Data for the public good: Challenges and barriers in the context of cities

  • Goerge R
  • 17

    Readers

    Mendeley users who have this article in their library.
  • 1

    Citations

    Citations of this article.

Abstract

Comprehensive, high-quality, multidimensional data has the potential to improve the services cities provide, as it does with the best private service-providing businesses. City officials, politicians, and stakeholders require data to (1) inform decisions that demonstrate service effectiveness, (2) determine which services should be targeted in a geographic area, and (3) utilize limited resources to best serve residents and businesses. Administrative data is now ubiquitous in government agencies concerned with health, education, social services, criminal justice, and employment. Local government has primarily used this data to count cases and support budget making within the programs for which the data is collected. Yet data linked across programs, where individuals and families can be tracked with multiple data sources either cross-sectionally or longitudinally, is rare. Both data scientists and the public sector currently have an excellent opportunity to use the big data of government to improve the quality and quantity of analyses to improve service delivery. This chapter describes an effort in one place to use the administrative data collected in the public sector to have an impact by informing city leadership. © Cambridge University Press 2014.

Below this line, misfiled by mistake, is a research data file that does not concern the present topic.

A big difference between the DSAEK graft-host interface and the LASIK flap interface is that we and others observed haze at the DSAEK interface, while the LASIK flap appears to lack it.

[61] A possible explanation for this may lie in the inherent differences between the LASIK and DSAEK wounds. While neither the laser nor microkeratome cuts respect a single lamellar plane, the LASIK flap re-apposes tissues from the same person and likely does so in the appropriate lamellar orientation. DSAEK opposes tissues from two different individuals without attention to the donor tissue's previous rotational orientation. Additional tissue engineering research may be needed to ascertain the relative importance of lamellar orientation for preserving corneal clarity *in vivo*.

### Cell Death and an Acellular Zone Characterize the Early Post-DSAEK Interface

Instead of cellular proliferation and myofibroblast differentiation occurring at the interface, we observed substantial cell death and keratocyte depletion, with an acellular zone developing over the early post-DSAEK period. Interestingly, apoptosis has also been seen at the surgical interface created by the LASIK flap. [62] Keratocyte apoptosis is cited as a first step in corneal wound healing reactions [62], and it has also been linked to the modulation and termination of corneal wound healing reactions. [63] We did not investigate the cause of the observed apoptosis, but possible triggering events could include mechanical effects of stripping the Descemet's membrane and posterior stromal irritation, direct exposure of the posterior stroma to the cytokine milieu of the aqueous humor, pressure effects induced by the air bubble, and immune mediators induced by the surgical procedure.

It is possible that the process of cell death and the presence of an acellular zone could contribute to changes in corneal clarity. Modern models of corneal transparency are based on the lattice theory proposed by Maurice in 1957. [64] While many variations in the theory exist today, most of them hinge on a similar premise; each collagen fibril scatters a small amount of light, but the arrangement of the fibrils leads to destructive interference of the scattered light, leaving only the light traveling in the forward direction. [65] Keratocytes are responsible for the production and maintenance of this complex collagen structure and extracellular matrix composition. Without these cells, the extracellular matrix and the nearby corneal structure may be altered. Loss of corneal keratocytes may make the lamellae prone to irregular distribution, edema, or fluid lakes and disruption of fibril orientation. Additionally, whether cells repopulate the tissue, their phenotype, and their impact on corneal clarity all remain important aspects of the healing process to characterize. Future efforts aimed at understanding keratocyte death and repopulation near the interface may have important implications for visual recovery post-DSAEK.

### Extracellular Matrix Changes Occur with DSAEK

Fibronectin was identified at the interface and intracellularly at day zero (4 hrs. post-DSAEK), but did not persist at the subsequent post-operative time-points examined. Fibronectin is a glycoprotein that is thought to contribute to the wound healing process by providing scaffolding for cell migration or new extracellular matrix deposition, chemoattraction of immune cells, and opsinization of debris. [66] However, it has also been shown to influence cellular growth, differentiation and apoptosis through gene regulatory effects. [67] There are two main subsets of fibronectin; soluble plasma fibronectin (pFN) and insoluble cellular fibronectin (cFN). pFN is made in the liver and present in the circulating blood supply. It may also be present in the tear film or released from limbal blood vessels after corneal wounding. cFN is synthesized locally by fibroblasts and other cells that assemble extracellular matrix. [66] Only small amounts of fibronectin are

Get free article suggestions today

Mendeley saves you time finding and organizing research

Sign up here
Already have an account ?Sign in

Find this document

Cite this document

Choose a citation style from the tabs below

Save time finding and organizing research with Mendeley

Sign up for free